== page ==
David Cameron never did have his "Clause Four" moment during the four and a half years of his supposedly "modernising" leadership, which is one of the reasons why the Tories did not win the election. Now, at the very last minute, he has the opportunity for one.
It is clear that the Tory party is trying hard to stop Cameron offering electoral reform to the Liberal Democrats (just as the Lib Dems are doubtless trying hard to prevent Nick Clegg from abandoning it). Even that celebrated "Tory wet", Michael Heseltine has said:
I don't think for a minute that David Cameron will concede change to the voting system and I don't think that he needs to. His position is much stronger than I think the commentators give credit for.
Hmm. I actually suspect that the Tory-Liberal talks are much more perilous and tricky than many commentators, mainly on the right, are making out, as a sense of inevitably is spun to propel Cameron into No 10. The reason for my suspicion is the proportional representation question.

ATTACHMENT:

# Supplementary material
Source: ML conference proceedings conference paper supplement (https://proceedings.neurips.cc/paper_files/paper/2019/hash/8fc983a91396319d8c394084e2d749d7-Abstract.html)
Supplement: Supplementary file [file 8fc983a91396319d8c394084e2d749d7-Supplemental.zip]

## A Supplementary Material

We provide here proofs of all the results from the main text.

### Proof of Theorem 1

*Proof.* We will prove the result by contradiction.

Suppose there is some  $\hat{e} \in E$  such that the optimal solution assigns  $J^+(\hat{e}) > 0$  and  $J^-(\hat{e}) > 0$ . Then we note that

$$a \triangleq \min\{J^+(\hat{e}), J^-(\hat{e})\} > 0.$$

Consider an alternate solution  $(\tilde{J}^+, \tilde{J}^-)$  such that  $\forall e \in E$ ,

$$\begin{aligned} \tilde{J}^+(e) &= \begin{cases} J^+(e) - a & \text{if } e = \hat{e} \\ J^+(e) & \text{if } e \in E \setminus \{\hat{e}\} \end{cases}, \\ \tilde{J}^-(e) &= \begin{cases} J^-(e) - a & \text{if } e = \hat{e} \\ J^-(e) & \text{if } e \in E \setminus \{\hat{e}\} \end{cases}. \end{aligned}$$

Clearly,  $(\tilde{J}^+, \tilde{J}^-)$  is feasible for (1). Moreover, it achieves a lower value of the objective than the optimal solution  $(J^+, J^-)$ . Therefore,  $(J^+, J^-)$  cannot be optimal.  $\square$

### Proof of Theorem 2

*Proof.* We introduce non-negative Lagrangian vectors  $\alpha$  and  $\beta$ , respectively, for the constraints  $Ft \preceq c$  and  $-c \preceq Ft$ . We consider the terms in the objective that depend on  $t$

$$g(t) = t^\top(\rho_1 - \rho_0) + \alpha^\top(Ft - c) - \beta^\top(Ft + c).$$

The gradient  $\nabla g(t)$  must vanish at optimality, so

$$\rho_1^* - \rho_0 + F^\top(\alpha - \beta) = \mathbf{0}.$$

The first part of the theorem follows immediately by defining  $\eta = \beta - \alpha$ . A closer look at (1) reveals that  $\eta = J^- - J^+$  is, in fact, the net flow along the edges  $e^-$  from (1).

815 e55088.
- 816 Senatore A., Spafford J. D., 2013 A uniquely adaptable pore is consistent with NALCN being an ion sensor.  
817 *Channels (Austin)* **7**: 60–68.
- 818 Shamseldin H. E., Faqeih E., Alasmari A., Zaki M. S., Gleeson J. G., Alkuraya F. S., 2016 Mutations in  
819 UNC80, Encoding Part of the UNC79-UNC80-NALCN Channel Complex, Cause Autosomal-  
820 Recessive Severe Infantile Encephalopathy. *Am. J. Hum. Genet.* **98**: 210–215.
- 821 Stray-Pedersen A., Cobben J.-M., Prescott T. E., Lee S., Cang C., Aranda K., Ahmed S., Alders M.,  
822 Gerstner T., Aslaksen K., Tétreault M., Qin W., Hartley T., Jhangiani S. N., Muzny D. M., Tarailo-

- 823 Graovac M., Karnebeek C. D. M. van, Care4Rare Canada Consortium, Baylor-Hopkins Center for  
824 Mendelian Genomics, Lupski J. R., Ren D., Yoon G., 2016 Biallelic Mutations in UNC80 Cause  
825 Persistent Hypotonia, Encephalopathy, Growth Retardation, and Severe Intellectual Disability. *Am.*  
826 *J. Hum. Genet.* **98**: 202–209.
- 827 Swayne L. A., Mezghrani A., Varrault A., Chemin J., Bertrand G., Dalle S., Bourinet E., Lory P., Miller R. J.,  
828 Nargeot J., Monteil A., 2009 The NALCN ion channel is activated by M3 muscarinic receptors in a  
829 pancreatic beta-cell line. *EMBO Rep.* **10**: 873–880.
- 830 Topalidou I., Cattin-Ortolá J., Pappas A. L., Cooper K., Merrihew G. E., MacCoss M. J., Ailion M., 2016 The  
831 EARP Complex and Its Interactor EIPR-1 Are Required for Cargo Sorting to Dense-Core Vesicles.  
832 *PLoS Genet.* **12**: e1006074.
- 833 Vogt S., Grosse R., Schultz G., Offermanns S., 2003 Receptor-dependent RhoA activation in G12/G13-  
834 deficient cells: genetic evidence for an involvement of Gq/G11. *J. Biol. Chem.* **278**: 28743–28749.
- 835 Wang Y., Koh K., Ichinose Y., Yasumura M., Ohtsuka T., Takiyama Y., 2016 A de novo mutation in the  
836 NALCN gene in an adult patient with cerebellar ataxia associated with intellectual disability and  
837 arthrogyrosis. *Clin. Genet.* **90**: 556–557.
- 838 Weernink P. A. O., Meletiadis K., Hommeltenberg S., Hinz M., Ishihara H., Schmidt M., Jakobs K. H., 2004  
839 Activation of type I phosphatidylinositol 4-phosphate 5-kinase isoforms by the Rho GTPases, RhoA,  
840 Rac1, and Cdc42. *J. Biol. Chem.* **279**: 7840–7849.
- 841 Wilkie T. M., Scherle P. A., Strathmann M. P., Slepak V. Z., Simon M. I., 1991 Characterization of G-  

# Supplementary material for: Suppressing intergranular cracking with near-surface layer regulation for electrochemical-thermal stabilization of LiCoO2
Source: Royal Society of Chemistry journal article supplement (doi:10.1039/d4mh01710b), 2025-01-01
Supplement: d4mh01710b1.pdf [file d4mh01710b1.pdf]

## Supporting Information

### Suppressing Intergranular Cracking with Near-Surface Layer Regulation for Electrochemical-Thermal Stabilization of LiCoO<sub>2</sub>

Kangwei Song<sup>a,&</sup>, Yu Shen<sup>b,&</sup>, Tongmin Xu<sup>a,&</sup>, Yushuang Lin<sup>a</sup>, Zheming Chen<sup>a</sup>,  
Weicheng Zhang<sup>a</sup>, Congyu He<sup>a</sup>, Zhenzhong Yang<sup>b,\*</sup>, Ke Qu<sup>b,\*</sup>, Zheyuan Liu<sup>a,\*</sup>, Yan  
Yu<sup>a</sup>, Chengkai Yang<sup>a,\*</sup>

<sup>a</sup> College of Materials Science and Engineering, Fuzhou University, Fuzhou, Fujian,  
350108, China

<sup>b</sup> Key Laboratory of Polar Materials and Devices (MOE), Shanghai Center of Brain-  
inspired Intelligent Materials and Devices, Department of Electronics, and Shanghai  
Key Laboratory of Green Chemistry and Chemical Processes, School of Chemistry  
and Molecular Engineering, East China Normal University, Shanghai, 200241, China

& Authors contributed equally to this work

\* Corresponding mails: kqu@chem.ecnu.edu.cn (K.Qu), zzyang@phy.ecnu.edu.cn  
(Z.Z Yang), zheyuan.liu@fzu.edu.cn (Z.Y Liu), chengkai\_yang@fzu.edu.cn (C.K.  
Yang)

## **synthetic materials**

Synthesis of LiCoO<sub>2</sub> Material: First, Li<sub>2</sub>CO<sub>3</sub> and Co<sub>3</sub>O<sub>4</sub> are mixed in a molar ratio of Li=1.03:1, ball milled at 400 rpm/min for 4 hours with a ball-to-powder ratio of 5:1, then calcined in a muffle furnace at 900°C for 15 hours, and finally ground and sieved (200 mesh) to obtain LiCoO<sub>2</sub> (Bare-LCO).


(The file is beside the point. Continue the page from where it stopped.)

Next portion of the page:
It would be dishonest of me to pretend not to think that a "progressive alliance" between Labour, the Lib Dems and others would be better for Britain than a Tory-Liberal one. But if the Lib Dems really are going to hook up with the Tories -- and I believe it is still an "if" -- then Cameron will finally have had his Clause Four moment by forcing his party to adapt to a new reality, of which he seems keenly aware.
Two caveats, however. First, if the Tories campaign against electoral reform, having delivered a referendum, that would not only undermine the whole concept, but also show the Lib Dems to have sold themselves hopelessly short. Second, Cameron has shown impressive adaptability in the past few days, but all the signs from the past suggest that he will be unable to take on the right of the parliamentary party he meets this evening.
The question Cameron will be putting to his party is: does it want power, or purity? Time will tell.